Project funded to develop a ‘Virtual microscope’ for single cell RNA-sequencing data

The California Institute for Regenerative Medicine (CIRM) has awarded $1,160,126 in funding for a major stem cell research project led by scientists at UC Santa Cruz, “An interactive data resource for hypothesis testing in stem cell single-cell gene expression and validation of the results with brain organoids.”

Max Haeussler, Associate Research Scientist at the UCSC Genomics Institute and his team will build a user-friendly database that brings together a wide range of single cell RNA-sequencing data, which reveals information about the gene expression levels of an individual cell, from the developing and diseased human cerebral cortex. The database is imagined as a “virtual microscope” which will improve the curation and visualization of this data and allow scientists to investigate the role of a specific gene in the development of the cerebral cortex without special computational training.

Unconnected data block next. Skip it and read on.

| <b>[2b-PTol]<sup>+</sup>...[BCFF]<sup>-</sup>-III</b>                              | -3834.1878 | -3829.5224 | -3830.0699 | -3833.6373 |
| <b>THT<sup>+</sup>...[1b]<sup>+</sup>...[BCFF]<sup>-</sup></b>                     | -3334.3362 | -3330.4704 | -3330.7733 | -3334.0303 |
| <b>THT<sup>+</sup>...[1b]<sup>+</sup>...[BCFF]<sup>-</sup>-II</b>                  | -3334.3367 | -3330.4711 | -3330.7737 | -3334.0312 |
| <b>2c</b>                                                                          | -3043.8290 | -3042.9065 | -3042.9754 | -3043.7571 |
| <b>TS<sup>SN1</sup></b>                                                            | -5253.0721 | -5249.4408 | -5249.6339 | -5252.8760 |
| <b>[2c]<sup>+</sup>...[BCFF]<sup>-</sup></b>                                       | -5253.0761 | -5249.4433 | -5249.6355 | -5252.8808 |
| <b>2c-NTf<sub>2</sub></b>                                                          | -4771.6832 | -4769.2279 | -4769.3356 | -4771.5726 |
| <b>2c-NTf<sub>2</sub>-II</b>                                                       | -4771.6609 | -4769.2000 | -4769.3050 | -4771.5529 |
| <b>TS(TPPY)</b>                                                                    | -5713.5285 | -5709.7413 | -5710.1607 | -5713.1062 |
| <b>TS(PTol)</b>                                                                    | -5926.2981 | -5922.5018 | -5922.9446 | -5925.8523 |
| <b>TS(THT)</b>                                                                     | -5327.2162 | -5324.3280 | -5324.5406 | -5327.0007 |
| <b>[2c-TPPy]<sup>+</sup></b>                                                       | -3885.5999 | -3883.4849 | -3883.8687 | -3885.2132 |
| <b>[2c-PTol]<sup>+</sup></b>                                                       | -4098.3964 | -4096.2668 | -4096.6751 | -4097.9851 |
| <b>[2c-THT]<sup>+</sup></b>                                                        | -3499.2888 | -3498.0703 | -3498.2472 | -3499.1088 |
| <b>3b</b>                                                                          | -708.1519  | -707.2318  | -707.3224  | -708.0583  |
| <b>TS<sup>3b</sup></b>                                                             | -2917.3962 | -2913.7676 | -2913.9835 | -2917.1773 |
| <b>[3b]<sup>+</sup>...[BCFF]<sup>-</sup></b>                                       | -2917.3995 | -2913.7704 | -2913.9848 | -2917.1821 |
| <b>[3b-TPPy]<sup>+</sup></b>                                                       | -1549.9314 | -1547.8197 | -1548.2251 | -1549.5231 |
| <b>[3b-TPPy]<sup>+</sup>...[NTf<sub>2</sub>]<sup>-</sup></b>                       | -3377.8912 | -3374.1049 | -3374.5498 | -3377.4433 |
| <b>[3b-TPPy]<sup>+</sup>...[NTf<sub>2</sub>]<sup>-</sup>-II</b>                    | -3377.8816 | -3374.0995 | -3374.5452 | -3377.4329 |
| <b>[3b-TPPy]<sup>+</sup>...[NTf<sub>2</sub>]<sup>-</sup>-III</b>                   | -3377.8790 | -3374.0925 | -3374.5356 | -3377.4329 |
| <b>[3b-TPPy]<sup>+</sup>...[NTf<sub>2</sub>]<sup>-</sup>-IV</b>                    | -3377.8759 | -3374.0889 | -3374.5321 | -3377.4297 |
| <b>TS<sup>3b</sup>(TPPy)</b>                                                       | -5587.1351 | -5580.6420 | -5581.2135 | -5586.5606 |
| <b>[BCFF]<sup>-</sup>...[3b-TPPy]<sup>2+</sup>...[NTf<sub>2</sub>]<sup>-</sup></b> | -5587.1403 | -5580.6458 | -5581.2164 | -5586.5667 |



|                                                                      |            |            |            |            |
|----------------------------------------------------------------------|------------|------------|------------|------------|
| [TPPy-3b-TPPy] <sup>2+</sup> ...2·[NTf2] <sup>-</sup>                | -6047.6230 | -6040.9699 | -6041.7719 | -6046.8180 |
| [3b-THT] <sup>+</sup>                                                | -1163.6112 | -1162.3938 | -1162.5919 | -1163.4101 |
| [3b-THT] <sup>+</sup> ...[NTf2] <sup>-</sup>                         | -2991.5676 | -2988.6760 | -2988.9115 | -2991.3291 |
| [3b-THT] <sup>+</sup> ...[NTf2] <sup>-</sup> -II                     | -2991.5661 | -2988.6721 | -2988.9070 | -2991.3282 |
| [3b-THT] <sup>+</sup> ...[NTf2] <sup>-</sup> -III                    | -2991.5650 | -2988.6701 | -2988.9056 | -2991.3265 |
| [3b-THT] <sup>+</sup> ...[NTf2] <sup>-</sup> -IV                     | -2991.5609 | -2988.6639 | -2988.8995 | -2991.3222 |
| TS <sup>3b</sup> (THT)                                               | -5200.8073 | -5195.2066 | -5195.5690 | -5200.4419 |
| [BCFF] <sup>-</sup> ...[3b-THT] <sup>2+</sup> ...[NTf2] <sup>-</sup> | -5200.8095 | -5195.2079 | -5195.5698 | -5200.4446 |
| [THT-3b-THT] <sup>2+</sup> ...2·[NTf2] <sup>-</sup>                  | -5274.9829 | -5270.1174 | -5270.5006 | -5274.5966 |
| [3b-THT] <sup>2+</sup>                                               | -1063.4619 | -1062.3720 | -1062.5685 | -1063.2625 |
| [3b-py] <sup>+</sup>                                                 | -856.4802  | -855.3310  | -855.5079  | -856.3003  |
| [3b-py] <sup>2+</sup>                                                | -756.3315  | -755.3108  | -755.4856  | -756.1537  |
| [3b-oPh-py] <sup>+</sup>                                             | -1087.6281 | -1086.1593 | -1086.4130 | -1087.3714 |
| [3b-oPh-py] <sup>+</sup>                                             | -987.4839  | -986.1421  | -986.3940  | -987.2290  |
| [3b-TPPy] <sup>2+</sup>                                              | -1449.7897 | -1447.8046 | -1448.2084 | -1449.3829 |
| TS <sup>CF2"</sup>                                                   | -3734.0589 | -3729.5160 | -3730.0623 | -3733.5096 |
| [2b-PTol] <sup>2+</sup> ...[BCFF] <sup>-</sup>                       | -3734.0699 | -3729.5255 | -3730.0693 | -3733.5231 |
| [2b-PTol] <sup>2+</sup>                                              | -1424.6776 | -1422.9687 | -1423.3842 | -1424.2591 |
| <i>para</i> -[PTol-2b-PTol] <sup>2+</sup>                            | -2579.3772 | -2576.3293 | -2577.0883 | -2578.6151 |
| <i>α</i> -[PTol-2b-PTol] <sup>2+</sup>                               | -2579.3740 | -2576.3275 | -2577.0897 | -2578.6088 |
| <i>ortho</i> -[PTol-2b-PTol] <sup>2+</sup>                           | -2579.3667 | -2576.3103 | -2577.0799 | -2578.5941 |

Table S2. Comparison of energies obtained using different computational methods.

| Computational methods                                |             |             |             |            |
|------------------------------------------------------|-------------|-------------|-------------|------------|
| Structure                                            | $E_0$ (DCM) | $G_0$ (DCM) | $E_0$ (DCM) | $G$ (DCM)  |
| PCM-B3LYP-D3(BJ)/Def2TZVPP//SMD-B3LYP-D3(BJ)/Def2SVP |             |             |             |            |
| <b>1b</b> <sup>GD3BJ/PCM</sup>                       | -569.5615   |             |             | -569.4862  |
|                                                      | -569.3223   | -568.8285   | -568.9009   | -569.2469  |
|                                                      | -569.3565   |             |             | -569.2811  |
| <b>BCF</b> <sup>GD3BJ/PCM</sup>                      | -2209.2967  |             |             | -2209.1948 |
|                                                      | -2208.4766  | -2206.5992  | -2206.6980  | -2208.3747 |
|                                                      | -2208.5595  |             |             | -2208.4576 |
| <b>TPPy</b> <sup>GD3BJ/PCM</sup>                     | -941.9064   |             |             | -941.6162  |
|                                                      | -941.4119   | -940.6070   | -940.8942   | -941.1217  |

The database will support spatial transcriptomics data, an emerging technique for determining the relative location of a given cell within the tissue. Users will be able to compare single cell RNA-sequencing data with spatial transcriptomic information to those without spatial transcriptomic information, increasing the ability to compare previously produced data to newer data.

The database will be hosted on the Genomics Institute’s existing cell browser platform, a free, open-source tool used by researchers and pharmaceutical companies around the world.

Two Genomics Institute staff members will collect existing data on gene activity in the human brain from researchers across the world and make it accessible in the interactive map viewer that Haeussler has been developing for the last five years. Aparna Bhaduri, Haeussler’s collaborator at UCLA for this grant, will produce new spatial data to add to this collection.

“After years of searching, I’m excited to get funding for this software project,” Haeussler said. “Already several thousand researchers every week are consulting this interactive explorer of gene activity. The CIRM funding allows us to add several hundred datasets in the human brain, it will be the first brain-focussed gene activity explorer that hosts datasets from different labs across the world and as such from a broad diversity of patients”

SourceUC Santa Cruz

Leave a Reply

Your email address will not be published. Required fields are marked *


Time limit is exhausted. Please reload CAPTCHA.